[Editors’ note: At the one-year mark of the Biden administration, Just Security invited authors of the Good Governance Papers – originally published in October 2020 – to provide brief updates on their Papers, which explored actionable legislative and administrative proposals to promote non-partisan principles of good government, public integrity, and the rule of law. For 2022, authors were invited to evaluate the Biden administration and/or Congress and, where applicable, to provide additional recommendations. For more information, please read the introductions to the original series and the update series.]

This article discusses issues and recommendations originally outlined in Good Governance Paper No. 14: War Powers Reform.

Since we published Good Governance Paper No. 14 in October 2020, there has been serious momentum for war powers reform. The Biden administration has shown little inclination to take initiative, but Congress is a different story. 

Although there are not yet enough votes in either chamber to enact meaningful reform, champions have emerged across the aisle and in both the House and Senate, and they have taken noteworthy steps. In March, both the House Rules and Foreign Affairs Committees held highly substantive hearings on prospects for reform. (Tess testified at the former.) Then, as we wrote in July of last year, the “most promising war powers reform legislation in decades” was introduced in the Senate as part of the National Security Powers Act of 2021 (NSPA). That bill, introduced by Senators Chris Murphy (D-Conn.), Mike Lee (R-Utah), and Bernie Sanders (I-Vt.), also now has a House companion, the National Security Reform and Accountability Act of 2021 (NSRAA), introduced by Reps. James McGovern (D-MA) and Peter Meijer (R-MI) (with 12 co-sponsors).

These bipartisan bills don’t tinker around the edges of the current War Powers Resolution (WPR) — they aim to flip the script, recouping power that Congress has ceded to the executive branch in several constructive ways. Although there are a few differences between the two bills, both reflect the major recommendations we made in this series, and would roll back decades of self-serving executive branch interpretations that have eroded congressional checks and balances on war-making powers. Among other reforms, both bills: 

  • include a clear definition of the WPR’s key term “hostilities,” which, as we previously wrote, wouldensure Presidents are reporting introductions of U.S. armed forces into potentially significant situations, and terminating introductions of U.S. forces in a greater range of situations more in keeping with Congress’ initial intent”
  • shorten the WPR’s current 60-day “termination clock,” ​removing “the temptation for the Executive Branch to seek a quick, unauthorized win” (as we described it back in 2020) and creating further incentives for the president to consult meaningfully with Congress before getting the United States involved in hostilities;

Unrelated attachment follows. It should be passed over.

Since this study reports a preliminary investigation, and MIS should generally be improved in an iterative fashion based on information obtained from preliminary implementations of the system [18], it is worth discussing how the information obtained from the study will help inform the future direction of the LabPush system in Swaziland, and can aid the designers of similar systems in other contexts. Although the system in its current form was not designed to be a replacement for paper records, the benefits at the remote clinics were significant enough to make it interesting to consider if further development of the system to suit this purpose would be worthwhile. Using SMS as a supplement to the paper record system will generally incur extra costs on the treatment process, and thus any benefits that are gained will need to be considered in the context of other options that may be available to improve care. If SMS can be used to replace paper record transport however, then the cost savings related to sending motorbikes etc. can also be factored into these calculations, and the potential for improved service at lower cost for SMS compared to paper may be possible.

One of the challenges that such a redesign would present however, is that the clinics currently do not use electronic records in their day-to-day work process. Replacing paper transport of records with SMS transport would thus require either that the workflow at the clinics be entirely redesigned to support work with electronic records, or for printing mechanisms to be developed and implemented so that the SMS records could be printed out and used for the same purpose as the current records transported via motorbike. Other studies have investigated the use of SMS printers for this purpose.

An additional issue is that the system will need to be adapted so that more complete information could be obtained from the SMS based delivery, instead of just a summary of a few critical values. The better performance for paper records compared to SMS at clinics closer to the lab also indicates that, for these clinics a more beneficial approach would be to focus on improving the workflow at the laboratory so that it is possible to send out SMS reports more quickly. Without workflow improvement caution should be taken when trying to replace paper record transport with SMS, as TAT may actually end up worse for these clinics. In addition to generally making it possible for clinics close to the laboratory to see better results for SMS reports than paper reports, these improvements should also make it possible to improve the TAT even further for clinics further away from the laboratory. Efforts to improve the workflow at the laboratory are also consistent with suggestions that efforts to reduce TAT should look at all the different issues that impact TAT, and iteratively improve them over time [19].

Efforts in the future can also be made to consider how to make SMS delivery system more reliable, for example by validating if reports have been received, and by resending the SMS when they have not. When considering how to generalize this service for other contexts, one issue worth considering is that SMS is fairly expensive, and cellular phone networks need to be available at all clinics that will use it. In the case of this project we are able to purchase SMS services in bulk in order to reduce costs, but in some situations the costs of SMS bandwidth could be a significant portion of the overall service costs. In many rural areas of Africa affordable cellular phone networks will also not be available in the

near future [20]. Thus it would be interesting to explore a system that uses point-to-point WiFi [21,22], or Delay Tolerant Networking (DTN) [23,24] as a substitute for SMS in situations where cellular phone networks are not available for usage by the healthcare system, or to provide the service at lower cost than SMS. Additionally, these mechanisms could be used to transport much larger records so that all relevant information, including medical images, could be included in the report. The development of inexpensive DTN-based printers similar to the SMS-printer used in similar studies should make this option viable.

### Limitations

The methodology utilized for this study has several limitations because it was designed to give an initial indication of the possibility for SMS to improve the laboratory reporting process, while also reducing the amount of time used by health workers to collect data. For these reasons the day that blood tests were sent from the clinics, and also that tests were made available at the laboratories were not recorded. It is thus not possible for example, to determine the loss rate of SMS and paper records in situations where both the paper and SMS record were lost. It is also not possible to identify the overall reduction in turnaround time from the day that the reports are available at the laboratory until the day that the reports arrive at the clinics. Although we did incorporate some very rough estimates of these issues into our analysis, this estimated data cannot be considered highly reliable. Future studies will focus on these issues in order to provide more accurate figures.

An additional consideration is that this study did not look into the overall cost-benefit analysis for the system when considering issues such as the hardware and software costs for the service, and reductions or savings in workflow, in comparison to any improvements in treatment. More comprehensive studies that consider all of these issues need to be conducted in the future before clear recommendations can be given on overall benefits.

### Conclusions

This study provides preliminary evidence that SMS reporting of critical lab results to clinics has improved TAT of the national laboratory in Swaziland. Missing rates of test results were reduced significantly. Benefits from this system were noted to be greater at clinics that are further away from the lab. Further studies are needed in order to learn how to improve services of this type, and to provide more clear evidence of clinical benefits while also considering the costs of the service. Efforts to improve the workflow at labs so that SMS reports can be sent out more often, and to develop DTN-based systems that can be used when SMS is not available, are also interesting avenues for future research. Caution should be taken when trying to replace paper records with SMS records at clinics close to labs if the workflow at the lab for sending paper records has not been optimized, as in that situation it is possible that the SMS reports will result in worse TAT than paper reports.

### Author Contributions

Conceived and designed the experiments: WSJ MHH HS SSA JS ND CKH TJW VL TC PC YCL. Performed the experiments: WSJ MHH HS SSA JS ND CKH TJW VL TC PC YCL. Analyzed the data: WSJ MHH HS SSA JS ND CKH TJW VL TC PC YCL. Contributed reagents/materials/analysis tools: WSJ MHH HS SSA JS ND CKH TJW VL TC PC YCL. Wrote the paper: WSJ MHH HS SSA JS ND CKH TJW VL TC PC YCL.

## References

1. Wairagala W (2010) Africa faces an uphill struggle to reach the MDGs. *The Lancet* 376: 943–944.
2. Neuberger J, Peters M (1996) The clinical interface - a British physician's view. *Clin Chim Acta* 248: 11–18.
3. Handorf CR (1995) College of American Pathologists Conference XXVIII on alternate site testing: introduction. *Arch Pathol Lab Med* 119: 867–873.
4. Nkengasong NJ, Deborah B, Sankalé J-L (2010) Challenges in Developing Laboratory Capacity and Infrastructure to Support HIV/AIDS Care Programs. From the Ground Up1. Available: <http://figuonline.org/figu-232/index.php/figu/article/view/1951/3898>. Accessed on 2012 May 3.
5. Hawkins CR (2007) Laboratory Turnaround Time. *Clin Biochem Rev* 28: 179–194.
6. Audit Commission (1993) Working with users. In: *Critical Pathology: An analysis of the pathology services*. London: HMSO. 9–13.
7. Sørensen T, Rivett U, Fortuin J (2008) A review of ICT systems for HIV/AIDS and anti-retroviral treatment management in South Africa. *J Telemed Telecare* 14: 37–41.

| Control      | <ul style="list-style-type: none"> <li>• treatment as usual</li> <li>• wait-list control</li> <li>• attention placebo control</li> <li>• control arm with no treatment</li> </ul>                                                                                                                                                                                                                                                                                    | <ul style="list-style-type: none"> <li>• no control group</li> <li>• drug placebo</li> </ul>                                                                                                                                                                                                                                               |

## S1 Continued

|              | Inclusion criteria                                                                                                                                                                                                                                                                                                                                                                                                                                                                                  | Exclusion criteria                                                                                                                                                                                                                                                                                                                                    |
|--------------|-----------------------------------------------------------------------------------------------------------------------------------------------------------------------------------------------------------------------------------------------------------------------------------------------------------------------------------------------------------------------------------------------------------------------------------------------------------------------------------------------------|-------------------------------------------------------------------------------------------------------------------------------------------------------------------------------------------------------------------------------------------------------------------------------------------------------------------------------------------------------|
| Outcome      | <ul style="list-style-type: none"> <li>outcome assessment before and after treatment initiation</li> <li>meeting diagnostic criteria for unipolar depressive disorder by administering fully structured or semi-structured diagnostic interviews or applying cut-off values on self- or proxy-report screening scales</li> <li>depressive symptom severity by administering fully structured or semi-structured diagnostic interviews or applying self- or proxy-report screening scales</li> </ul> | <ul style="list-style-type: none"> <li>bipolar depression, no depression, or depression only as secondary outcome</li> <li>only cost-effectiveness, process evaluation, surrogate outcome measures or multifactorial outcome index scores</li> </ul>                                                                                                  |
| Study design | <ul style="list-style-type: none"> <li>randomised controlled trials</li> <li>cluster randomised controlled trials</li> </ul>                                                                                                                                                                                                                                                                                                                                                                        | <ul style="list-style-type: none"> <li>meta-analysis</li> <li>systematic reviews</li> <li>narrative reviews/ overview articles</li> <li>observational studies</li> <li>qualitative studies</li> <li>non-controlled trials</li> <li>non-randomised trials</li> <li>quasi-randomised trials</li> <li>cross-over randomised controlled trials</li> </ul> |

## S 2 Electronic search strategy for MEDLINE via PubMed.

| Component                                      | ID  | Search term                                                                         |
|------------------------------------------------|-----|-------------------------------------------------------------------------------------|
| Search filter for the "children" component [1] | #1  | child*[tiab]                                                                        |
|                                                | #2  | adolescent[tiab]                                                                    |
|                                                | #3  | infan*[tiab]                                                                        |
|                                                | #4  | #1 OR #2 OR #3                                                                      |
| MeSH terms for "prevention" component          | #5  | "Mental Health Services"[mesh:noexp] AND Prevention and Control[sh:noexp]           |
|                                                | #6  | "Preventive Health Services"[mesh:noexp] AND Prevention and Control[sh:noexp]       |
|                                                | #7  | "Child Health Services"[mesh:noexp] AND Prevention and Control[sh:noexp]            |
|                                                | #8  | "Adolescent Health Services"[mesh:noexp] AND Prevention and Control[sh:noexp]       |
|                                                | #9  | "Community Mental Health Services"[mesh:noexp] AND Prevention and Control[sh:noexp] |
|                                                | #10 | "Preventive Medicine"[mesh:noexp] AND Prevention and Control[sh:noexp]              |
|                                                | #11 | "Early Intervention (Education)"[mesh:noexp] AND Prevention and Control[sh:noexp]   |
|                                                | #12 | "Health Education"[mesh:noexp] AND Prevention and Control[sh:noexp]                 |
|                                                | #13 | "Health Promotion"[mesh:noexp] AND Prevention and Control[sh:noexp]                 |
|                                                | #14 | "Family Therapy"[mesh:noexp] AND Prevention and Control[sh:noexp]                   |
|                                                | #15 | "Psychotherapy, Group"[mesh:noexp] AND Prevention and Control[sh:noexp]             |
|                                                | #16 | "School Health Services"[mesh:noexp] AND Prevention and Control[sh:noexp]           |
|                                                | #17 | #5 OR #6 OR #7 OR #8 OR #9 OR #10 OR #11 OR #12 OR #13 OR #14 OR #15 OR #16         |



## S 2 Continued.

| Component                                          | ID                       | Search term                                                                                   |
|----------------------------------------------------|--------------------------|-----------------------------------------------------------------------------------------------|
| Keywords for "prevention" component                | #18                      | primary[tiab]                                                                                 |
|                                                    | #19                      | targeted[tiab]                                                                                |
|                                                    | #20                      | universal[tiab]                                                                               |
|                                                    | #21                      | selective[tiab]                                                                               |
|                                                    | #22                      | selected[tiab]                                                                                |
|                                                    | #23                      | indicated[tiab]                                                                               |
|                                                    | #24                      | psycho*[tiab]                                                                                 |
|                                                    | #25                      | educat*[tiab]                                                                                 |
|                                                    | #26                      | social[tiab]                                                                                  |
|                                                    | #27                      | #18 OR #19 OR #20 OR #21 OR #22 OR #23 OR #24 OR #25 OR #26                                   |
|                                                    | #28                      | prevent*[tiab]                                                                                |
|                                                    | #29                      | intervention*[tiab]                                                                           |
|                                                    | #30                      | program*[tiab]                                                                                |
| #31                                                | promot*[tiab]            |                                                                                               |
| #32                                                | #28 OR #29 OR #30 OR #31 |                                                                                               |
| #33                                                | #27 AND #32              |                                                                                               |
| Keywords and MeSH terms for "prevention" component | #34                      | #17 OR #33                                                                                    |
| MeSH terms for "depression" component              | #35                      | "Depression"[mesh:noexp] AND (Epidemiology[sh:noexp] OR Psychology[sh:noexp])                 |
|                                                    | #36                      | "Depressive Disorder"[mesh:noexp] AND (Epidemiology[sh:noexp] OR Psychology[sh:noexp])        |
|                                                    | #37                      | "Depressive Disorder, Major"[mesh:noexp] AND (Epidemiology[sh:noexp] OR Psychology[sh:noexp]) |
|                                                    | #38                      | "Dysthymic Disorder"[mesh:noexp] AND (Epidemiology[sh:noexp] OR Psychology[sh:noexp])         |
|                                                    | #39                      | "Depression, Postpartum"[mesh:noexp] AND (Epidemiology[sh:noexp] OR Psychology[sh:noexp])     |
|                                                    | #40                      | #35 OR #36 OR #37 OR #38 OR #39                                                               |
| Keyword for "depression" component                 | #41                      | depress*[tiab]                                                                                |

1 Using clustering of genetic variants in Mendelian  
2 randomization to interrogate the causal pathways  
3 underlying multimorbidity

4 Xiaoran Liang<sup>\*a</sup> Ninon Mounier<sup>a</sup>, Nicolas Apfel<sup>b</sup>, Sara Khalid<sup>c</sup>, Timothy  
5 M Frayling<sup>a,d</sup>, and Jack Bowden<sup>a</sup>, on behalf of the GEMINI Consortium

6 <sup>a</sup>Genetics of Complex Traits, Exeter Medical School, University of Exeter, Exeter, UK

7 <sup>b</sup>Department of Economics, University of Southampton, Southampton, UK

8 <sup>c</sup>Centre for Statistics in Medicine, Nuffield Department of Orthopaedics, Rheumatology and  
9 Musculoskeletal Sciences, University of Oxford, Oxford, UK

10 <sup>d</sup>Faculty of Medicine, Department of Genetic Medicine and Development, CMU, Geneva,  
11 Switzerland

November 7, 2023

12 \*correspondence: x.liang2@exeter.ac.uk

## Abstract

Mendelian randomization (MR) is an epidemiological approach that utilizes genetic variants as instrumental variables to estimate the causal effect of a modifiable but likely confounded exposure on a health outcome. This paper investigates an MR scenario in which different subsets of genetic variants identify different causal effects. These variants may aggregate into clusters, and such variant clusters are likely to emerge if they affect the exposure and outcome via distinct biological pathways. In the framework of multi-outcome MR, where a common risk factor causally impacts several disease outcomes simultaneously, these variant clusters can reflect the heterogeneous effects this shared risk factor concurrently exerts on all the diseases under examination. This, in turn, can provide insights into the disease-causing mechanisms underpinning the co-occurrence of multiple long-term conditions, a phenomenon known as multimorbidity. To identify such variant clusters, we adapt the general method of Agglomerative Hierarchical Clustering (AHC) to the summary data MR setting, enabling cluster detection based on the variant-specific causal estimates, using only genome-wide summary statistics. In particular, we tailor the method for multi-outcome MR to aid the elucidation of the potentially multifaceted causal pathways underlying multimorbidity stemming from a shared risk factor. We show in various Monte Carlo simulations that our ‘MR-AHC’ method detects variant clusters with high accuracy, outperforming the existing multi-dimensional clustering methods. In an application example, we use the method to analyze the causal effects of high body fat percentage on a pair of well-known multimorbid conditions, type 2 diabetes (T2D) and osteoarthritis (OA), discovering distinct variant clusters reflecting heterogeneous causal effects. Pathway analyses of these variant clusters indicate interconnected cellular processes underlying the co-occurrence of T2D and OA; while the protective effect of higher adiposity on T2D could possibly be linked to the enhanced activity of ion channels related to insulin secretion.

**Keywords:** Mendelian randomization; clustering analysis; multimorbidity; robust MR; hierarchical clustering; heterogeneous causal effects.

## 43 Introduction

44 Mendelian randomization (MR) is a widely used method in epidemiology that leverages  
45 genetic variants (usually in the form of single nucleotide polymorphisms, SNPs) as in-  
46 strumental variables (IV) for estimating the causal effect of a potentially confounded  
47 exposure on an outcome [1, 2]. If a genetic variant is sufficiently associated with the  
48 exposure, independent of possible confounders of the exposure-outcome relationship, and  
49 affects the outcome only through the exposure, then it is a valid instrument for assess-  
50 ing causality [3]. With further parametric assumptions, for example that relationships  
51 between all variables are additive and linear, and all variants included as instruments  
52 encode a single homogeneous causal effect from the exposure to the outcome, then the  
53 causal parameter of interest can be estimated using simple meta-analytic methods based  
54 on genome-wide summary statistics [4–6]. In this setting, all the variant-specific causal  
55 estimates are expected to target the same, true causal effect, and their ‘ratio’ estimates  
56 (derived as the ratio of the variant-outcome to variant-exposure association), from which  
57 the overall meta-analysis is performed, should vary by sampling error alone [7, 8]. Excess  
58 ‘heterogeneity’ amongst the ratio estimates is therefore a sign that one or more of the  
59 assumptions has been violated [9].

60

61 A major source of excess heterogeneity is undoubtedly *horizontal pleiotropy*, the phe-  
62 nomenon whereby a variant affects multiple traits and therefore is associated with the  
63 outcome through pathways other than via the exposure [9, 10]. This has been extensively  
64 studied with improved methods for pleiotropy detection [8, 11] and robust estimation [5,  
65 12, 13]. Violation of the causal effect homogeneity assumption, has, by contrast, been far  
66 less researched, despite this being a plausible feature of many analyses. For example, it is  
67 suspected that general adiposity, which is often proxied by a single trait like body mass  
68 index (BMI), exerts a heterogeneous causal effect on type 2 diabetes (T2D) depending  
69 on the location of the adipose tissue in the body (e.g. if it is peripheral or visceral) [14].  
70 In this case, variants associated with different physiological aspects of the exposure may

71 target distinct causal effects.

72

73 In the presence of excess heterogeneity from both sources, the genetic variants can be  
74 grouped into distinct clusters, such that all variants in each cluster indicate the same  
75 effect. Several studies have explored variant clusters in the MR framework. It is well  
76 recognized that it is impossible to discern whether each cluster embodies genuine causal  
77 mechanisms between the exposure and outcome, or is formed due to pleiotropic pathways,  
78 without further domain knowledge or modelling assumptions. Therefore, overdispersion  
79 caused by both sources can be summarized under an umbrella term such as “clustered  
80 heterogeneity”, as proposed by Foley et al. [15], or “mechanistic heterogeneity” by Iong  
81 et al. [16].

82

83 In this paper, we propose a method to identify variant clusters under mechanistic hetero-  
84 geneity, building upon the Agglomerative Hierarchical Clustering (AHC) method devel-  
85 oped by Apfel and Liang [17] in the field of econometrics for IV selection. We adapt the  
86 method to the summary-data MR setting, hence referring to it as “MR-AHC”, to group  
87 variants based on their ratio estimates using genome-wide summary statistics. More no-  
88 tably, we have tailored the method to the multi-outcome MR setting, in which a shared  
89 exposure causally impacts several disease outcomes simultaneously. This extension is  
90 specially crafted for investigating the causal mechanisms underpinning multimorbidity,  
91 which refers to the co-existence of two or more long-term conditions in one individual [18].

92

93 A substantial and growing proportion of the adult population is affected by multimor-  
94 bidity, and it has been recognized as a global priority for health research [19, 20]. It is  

• increase the quality of reporting to Congress by the executive branch to ensure “reporting is more than a box-ticking exercise,” thereby enabling Congress to take more informed votes; and 
  • institute an automatic funds cut-off at the expiration of the termination clock to create a strong “remedy for non-compliance (defunding) that the current statute lacks.” 

Both bills also set parameters for  future authorizations for the use of force, including that they will include sunset provisions to prevent presidents from conducting multi-decade wars under increasingly stale authorities (as has been the case with the 2001 Authorization for Use of Military Force). By requiring members of Congress to take more frequent votes for wars being fought in the name of the American people, the House and Senate bills would both promote greater public debate about the costs and benefits of war, higher levels of political accountability, and greater prudence in the use of military force.

The first year of the Biden administration also illustrated why reform is still needed. Although the administration brought 20 years of ground operations in Afghanistan to an end, the risk that the United States could slide into hugely consequential new wars without congressional approval loomed large, with the Biden administration claiming the unilateral authority to strike “Iran-backed militias” in Iraq and Syria, ostensibly to defend against further attacks on U.S. troops stationed in the region. Whether the Biden administration would claim that this authority extends to strikes against actual Iranian assets or targets on Iranian territory is unclear. In theory, executive branch legal lore recognizes limits on wars anticipated to be of sufficient nature, scope, and duration that Congress must authorize them. But executive branch lawyers have determined that even major bombing campaigns and strikes against nation-states that provoked escalatory responses fell below the threshold necessary for the president to seek congressional authorization. 

Whether or not one is a fan of the Biden administration’s foreign policy, the purpose of such reform is not to constrain any single president. Rather, it is to restore constitutional checks and balances so that it matters less who is president, at least as far as momentous decisions about war and peace are concerned. Without this reform, the default is perilously close to the “one person decides” model that Jack Goldsmith darkly outlined during the Trump administration. 

That is why it will be important to keep pushing. Despite a failed effort to include these WPR reforms in this year’s National Defense Authorization Act (NDAA), there are reasonable prospects for trying again in the next NDAA. Neither of these bills is a panacea. But both would dramatically improve the status quo. And enacting even a subset of their reforms as part of a future must-pass legislative vehicle, if not before, would be a clear step in the right direction.